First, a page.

## In the spotlight: Bayesian DSGE models

Dynamic stochastic general equilibrium (DSGE) models are used in macroeconomics for policy analysis and forecasting. These models consist of systems of equations that represent the structure of some aspect of the economy. The equations are based on economic theory and describe very specific nonlinear relationships among observed and unobserved variables. Because of the structure of the model, some of the parameters have a direct economic interpretation.

DSGE models lend themselves to Bayesian estimation because we often have prior knowledge about some of the parameters in the model. Bayesian priors capture information about parameters that is not reflected in the current dataset. For example, a parameter that is interpreted as representing price stickiness might have a prior informed by firm-level surveys of price adjustment. More informative priors can be specified for parameters about which much is known, and flatter priors can be specified for parameters for which less is known.

Below, I demonstrate Bayesian estimation using a small DSGE model that
shares features with larger models used to analyze monetary policy. After
introducing the model, I discuss priors for the model parameters and then
use the new **bayes: dsge** command to simulate posterior densities. Finally, I'll show how you can easily interpret the results—I will use **bayesirf** to look at the response of the model to an impulse (sudden change) in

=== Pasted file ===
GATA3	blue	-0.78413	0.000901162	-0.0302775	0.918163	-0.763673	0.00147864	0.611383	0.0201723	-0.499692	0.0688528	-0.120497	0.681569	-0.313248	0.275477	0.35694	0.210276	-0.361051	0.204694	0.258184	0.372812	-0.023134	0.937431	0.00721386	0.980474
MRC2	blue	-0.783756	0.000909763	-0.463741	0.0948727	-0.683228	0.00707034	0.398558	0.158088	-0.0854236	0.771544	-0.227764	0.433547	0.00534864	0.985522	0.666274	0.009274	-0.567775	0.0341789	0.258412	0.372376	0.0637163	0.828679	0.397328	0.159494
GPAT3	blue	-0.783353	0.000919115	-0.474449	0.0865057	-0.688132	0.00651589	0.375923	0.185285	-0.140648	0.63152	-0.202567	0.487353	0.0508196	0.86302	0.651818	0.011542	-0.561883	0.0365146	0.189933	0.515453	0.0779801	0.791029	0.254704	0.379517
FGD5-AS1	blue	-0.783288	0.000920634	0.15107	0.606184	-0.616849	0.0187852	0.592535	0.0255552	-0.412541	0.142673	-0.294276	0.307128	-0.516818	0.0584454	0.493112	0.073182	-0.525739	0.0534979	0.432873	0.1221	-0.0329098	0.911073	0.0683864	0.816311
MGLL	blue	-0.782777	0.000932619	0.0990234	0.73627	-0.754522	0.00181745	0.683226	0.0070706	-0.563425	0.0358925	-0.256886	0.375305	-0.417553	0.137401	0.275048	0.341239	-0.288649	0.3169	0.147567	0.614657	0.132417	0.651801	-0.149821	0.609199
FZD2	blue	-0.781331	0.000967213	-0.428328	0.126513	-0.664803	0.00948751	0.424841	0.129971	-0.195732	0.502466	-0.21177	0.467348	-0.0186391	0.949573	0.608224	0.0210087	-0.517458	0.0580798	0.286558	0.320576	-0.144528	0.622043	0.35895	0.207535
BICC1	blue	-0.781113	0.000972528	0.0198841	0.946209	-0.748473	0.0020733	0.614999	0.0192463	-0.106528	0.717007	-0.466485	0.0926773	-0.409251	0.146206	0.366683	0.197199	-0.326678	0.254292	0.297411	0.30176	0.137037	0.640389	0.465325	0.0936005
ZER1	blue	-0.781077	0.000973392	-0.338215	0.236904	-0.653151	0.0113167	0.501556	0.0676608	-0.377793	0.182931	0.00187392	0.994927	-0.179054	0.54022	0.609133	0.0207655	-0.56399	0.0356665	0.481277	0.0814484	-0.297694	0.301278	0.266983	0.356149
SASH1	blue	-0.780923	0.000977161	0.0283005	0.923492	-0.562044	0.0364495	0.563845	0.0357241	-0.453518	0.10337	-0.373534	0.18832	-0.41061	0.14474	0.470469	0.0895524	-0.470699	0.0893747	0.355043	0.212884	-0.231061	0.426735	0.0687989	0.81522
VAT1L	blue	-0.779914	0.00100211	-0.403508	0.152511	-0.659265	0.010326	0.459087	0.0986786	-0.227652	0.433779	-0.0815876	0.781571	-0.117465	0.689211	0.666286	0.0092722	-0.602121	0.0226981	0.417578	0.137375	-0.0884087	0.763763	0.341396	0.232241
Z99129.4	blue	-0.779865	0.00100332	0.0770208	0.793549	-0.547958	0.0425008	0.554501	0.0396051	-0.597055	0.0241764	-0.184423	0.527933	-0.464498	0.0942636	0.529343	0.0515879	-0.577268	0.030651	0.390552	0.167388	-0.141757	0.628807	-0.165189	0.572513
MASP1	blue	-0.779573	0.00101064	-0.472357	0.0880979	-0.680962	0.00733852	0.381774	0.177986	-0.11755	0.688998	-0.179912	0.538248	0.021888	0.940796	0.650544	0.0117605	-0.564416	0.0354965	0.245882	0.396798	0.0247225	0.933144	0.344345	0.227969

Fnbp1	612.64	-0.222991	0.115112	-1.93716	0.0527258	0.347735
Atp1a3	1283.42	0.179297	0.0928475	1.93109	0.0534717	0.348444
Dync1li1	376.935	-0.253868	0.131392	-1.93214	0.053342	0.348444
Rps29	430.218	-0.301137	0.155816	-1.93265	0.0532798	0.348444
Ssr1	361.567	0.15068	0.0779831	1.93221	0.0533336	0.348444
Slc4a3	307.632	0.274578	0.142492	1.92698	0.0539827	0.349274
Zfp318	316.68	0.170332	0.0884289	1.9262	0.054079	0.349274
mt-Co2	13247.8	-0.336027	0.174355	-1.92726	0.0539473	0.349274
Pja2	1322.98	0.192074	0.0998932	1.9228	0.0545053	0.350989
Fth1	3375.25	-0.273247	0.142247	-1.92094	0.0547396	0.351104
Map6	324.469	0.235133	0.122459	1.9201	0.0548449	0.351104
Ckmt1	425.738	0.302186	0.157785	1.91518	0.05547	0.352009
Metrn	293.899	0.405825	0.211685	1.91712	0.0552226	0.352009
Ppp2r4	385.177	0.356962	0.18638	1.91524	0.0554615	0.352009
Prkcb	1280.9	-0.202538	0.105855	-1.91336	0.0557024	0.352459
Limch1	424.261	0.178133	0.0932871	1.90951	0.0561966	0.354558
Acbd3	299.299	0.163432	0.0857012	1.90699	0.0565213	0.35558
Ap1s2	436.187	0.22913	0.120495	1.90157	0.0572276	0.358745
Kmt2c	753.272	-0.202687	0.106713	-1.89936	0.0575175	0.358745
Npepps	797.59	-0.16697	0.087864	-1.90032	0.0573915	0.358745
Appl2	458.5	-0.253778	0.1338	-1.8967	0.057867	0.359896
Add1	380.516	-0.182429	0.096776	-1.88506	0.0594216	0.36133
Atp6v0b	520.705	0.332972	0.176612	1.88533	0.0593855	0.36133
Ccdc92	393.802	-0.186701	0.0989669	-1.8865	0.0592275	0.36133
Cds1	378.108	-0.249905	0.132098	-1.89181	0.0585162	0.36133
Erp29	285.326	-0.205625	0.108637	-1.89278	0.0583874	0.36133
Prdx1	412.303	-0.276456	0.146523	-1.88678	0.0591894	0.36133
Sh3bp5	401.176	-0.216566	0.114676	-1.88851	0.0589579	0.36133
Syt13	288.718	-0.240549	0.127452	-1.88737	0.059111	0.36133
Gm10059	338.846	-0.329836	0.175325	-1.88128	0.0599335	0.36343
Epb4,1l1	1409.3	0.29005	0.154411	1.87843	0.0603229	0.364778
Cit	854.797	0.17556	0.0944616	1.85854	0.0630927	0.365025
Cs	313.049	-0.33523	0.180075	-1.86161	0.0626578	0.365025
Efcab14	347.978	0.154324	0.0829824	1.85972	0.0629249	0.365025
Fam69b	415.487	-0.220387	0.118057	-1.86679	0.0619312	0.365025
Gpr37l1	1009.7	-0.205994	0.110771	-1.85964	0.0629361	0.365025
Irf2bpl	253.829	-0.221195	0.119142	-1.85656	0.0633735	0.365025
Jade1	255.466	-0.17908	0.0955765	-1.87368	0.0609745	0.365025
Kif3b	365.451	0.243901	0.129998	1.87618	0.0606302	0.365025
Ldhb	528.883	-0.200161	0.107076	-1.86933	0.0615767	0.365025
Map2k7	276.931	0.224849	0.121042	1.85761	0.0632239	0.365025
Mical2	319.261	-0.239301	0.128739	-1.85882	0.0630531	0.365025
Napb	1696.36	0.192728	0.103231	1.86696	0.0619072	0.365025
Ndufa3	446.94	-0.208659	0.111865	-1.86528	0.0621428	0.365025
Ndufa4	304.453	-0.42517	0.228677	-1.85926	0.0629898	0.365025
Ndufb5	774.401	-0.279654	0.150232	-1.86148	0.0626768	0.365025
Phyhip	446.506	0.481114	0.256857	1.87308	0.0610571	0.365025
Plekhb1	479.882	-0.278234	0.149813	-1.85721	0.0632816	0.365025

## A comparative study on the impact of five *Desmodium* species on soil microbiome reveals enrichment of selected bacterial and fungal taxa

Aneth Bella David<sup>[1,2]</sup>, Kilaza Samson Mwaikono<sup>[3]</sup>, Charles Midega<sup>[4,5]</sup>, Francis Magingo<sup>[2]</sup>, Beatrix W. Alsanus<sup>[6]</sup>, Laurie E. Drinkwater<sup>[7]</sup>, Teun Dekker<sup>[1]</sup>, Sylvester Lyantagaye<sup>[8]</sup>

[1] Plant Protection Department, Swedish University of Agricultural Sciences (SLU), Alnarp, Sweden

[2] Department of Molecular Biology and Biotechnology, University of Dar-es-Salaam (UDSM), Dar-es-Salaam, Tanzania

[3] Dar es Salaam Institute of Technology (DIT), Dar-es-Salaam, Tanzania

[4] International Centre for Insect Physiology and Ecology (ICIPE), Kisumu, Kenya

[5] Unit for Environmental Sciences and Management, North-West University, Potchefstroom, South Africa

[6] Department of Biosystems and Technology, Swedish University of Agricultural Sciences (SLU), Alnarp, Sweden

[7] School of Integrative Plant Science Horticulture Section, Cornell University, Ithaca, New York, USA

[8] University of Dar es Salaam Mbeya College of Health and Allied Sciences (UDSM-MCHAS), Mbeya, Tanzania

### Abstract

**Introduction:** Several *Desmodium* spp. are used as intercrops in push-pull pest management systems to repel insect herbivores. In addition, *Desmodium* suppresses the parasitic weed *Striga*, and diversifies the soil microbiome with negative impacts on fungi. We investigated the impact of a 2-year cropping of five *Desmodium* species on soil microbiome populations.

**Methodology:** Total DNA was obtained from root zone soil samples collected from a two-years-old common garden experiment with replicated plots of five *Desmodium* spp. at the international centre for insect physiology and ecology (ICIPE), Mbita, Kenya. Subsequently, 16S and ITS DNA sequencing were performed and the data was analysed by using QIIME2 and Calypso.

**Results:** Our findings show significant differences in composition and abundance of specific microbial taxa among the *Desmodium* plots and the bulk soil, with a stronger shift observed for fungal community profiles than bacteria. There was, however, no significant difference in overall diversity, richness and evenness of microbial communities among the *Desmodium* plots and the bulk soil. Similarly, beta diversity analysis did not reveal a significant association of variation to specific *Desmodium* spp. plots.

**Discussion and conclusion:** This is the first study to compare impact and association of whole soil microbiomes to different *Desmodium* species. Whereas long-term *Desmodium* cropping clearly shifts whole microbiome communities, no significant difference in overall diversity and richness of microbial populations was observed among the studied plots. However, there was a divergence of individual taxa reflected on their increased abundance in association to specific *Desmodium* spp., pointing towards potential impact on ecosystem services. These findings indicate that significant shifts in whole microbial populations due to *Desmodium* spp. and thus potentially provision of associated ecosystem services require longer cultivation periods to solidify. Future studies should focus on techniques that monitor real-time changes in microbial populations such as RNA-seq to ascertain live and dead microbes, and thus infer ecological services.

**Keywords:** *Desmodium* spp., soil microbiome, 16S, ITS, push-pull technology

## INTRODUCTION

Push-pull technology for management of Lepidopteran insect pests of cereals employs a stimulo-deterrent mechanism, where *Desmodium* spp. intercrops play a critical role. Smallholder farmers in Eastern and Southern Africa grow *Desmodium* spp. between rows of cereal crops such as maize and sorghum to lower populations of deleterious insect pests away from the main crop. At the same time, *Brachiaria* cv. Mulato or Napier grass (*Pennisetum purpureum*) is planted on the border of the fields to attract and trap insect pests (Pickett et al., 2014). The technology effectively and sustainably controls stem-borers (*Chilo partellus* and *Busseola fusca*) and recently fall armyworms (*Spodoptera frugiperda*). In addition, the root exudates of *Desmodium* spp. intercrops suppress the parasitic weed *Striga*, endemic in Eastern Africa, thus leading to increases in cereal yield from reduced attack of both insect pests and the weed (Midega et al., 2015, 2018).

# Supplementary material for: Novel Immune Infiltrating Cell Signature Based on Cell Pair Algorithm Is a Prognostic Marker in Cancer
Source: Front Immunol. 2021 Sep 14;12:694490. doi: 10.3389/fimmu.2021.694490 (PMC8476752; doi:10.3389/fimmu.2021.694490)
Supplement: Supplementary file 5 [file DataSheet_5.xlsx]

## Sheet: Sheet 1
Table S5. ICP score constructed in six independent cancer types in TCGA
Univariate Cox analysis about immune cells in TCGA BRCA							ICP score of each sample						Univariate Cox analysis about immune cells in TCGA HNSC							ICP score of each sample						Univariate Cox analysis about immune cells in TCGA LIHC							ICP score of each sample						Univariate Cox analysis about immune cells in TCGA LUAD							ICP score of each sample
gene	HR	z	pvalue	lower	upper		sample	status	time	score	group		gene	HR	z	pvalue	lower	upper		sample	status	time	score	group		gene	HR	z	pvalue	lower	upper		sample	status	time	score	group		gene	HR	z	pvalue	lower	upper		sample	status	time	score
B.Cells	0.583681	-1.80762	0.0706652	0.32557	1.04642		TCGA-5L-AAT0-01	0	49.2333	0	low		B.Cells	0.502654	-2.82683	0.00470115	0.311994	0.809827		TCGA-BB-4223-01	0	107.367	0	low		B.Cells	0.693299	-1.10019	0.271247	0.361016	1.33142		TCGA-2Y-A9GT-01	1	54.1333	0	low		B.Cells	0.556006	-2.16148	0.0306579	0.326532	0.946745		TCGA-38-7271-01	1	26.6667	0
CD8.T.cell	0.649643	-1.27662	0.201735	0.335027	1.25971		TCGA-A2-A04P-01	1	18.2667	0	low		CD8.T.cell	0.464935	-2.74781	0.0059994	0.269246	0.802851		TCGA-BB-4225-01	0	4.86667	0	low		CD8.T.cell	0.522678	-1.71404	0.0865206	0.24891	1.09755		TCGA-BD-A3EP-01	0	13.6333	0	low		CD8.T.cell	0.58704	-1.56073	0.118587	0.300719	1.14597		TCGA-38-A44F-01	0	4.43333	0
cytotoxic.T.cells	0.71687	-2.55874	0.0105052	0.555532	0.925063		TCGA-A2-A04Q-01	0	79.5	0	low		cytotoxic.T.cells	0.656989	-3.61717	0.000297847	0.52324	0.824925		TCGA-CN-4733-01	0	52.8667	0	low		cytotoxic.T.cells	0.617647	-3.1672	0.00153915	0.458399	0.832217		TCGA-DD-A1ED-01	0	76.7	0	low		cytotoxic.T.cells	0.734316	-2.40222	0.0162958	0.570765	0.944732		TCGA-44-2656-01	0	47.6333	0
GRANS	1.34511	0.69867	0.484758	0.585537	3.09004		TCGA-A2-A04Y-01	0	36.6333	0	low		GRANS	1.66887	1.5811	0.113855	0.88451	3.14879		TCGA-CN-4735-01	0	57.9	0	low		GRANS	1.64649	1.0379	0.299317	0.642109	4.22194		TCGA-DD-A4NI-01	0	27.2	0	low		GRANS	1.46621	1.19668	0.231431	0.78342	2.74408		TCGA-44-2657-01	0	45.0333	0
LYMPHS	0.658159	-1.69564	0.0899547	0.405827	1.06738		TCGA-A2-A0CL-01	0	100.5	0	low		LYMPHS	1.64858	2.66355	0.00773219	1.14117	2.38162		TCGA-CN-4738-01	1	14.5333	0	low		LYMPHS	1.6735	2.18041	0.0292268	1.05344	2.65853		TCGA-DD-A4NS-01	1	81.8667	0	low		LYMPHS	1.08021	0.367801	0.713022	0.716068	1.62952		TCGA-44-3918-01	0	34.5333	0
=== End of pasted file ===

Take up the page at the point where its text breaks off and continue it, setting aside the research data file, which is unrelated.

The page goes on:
monetary policy.

## Model

The model has equations for the output gap, inflation, and interest rate.

The model has considerable structure. The first equation relates the output gap \(x_t\) to the expected future output gap \(E_t x_{t+1}\), the current interest rate \(r_t\), the expected future inflation rate \(p_{t+1}\), and a disturbance term \(z_t\). The second equation relates inflation \(p_t\) to expected future inflation rate \(E_t p_{t+1}\) and the current output gap \(x_t\). The third equation relates the current interest rate \(r_t\) to its own lagged value \(r_{t-1}\), the current inflation rate \(p_t\), and a disturbance term \(m_t\). The fourth and fifth equations specify autoregressive processes for the disturbance terms \(z_t\) and \(m_t\), respectively. The shocks \(e_t\) and \(\epsilon_t\) are white noise processes.

The disturbance terms capture exogenous economic processes; \(m_{t}\) captures monetary policy, while \(z_{t}\) can be interpreted as a "real" (nonmonetary) disturbance. The disturbance terms are also known as state variables. The shocks (\(e_t\) and \(\epsilon_t\)) feed into the state variables (\(z_t\) and \(m_t\)), which then feed into the control variables (\(x_t\), \(p_t\), and \(r_t\)).